ORCHARD PARK, N.Y. >> Rex Ryan’s inability to back up his boasts of building a bully — particularly on defense — in Buffalo led to the Bills firing their high-profile coach one game short of completing his second full season.
Terry Pegula, who made Ryan’s hiring his first big splash as owner, was the person who informed Ryan of his dismissal today. The decision came three days after a 34-31 overtime loss to Miami which eliminated Buffalo (7-8) from contention, and extended the NFL’s longest active playoff drought to 17 years.
“We mutually agreed that that the time to part ways is now,” Pegula said in a statement released by the team. “These decisions are never easy.”
Pegula then noted his wife in saying: “Kim and I and our entire Bills organization share in the same disappointment and frustration as our fans, but we remain committed to our goal of bringing a championship to western New York.”
Ryan had three years remaining on his contract.
General manager Doug Whaley’s job appears secure after being put in charge of the Bills coaching search, the team’s third in four years. Buffalo is also moving on to its eighth coach since the playoff drought began during Wade Phillips’ final year as coach in 2000.
Ryan replaced Doug Marrone, who opted out of his contract following a 9-7 finish in 2014, and three months after the Pegulas purchased the Bills from the estate of Hall of Fame owner Ralph Wilson.
Assistant head coach and offensive coordinator Anthony Lynn will coach the Bills in their season finale at the New York Jets (4-11) on Sunday. Lynn is also considered a candidate to replace Ryan permanently because of his familiarity with an offense that is closing in on leading the NFL in rushing for a second consecutive season.
Lynn, a long-time Ryan assistant, was promoted to coordinator in September, when Ryan fired Greg Roman after an 0-2 start.
The 54-year-old Ryan appeared emotionally drained during a 20-minute news conference on Monday.
He called the loss to Miami his most painful as a Bills coach, and the second-most painful in his 20 NFL seasons as a coach or assistant. Ryan also second-guessed some of the decisions he made during the game, including punting from his own 41 with a little over four minutes left in overtime. He said he hoped the loss wouldn’t become his defining moment in Buffalo.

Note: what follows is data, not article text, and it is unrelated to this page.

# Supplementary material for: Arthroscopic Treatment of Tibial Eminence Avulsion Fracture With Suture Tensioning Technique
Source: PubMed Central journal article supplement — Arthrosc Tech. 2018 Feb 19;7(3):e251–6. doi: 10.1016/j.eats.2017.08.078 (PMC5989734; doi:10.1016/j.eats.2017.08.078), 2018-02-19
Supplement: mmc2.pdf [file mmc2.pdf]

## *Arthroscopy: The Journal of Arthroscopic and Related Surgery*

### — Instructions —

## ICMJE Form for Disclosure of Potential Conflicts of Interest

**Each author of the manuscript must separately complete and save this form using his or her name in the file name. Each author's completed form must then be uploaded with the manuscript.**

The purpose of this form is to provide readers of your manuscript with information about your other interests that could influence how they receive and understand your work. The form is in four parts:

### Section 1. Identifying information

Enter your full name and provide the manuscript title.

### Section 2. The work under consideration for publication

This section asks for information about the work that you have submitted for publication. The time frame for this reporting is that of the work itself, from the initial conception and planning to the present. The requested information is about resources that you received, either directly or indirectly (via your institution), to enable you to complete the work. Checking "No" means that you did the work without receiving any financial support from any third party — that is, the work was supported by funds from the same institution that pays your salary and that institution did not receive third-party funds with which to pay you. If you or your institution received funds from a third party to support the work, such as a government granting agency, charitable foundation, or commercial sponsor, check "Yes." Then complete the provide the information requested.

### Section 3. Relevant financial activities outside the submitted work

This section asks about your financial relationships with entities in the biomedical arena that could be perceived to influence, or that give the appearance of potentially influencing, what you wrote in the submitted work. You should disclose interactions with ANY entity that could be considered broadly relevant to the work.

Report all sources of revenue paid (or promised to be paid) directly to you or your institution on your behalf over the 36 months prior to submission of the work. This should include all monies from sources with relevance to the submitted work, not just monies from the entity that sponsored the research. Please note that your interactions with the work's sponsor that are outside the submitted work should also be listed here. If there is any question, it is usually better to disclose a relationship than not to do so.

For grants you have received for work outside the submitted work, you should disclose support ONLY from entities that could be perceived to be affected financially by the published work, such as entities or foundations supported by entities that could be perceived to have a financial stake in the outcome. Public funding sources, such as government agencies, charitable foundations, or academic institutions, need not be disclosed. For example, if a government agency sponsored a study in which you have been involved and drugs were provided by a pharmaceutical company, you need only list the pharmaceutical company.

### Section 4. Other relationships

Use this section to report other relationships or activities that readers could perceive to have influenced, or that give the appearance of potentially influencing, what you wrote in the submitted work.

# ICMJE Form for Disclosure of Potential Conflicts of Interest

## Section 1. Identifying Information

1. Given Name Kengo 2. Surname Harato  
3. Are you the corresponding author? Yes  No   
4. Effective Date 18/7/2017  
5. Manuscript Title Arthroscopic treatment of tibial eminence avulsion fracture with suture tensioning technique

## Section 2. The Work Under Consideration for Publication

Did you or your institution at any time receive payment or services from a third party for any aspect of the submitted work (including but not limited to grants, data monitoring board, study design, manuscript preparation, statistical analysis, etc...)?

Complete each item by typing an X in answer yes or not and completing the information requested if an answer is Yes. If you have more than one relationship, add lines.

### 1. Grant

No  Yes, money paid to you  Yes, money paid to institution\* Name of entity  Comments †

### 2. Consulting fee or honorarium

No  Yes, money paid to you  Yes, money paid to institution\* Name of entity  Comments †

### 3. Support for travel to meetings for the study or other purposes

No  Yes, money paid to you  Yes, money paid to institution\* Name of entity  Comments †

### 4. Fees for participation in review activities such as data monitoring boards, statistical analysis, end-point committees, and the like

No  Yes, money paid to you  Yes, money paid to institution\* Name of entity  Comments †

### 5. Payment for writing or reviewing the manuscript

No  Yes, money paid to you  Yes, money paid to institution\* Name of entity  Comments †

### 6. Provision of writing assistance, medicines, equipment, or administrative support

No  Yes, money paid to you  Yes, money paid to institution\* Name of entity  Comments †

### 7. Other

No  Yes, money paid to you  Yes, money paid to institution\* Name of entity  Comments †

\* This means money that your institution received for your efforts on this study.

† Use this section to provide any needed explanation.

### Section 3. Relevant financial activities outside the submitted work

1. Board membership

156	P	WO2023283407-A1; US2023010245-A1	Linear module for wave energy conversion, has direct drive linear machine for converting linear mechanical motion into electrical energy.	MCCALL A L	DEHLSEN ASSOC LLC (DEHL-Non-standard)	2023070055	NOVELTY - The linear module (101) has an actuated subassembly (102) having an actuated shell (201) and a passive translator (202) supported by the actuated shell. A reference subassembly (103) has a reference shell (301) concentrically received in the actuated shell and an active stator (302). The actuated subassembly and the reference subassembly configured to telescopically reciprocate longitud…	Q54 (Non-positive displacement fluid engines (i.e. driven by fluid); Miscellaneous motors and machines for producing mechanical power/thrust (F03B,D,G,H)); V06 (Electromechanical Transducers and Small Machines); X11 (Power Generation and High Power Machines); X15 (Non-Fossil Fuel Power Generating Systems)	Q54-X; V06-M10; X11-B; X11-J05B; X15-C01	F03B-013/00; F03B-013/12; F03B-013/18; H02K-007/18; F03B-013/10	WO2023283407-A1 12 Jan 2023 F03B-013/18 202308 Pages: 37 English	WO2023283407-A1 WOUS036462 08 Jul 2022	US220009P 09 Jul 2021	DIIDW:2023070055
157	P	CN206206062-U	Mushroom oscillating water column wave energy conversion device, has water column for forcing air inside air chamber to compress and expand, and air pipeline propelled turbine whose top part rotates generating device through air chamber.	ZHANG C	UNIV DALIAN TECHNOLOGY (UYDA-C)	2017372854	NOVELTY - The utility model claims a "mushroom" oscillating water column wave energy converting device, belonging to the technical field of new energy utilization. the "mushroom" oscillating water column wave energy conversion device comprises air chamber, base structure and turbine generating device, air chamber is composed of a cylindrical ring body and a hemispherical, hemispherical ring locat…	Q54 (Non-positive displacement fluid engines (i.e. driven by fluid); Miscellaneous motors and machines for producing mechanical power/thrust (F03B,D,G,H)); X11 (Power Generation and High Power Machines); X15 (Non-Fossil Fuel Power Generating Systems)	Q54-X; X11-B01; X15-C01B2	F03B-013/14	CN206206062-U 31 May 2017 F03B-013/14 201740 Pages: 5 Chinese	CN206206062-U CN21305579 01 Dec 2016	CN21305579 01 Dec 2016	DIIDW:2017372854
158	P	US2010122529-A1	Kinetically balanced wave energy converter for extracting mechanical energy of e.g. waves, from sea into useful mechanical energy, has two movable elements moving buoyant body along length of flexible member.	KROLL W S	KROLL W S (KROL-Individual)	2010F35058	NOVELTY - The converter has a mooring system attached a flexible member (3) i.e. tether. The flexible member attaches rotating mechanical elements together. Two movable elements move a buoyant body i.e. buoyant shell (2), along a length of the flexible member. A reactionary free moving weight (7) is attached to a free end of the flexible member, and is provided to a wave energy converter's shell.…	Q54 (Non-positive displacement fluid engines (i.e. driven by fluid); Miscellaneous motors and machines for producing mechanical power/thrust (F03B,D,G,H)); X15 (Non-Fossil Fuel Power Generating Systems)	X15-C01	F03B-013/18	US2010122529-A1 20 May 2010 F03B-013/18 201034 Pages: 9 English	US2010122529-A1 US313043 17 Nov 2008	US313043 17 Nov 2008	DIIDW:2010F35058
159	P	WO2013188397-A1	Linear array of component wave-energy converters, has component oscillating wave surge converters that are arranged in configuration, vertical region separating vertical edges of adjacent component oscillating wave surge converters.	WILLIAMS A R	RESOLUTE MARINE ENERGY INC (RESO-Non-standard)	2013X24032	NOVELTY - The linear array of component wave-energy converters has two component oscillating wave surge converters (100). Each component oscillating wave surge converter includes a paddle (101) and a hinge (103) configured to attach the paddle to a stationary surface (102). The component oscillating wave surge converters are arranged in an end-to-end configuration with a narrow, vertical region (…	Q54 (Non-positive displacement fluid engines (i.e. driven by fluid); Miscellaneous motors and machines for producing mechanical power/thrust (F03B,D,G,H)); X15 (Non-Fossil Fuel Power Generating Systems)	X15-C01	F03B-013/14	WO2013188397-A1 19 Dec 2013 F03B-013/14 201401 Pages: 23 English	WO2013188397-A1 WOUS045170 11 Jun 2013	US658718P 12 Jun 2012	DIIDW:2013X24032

“But if it is, it’s something I’ve got to live with,” he said.
Bills defensive lineman Leger Douzable voiced his displeasure with Ryan’s firing on his Twitter account.
“I’m tired of people talking about the 17 year drought REX was here for 2 of those years hard to build a winner if coach changes every two years,” Douzable wrote in a series of posts.
Ryan finished with a 15-16 record with Buffalo and is 61-66 overall, including a six-year tenure with the New York Jets. And it was Ryan’s hiring by the Bills in January 2015 that electrified a fan base because of his larger-than-life persona and reputation as a defensive specialist.
Ryan stirred the fans even more during his inaugural news conference by vowing to build the Bills into a bully.
His promises eventually fell short, particularly on defense.
Last year, the Bills finished 19th in yards allowed — the worst ranking for Ryan in his 11 years as a head coach or coordinator. Buffalo also managed just 21 sacks, a franchise-low for a 16-game season, and after the defense led the NFL with 54 the previous season under coordinator Jim Schwartz.
The defense underperformed once again this year, despite Ryan’s offseason vows that it’ll be improved.
Buffalo has allowed 30 or more points five times and allowed more than 400 yards offense four times, both matching last year’s total. Opposing running backs also enjoyed three of the top six outings against Buffalo in team history.
Miami’s Jay Ajayi had 206 yards rushing on Saturday after a 214-yard outing against Buffalo in October. And Le’Veon Bell had 236 yards rushing — the most against Buffalo in franchise history — in Pittsburgh’s 27-20 win at Buffalo on Dec. 11.
The Bills also fired Ryan’s twin brother, Rob Ryan, from his position as an assistant head coach with the responsibility to oversee defense.
This has been a difficult year for the Ryans, who mourned the death of their father, Buddy Ryan, in June.
Buffalo’s drought is tied for the fifth-longest in league history, and the longest since the New Orleans Saints failed to make the playoffs during their first 20 NFL seasons (1967-86).
Another major decision facing the next head coach is quarterback.
Starter Tyrod Taylor’s future is not secure despite signing a lucrative five-year extension and restructuring the final season of his contract in August. The Bills can opt out of the deal after this season.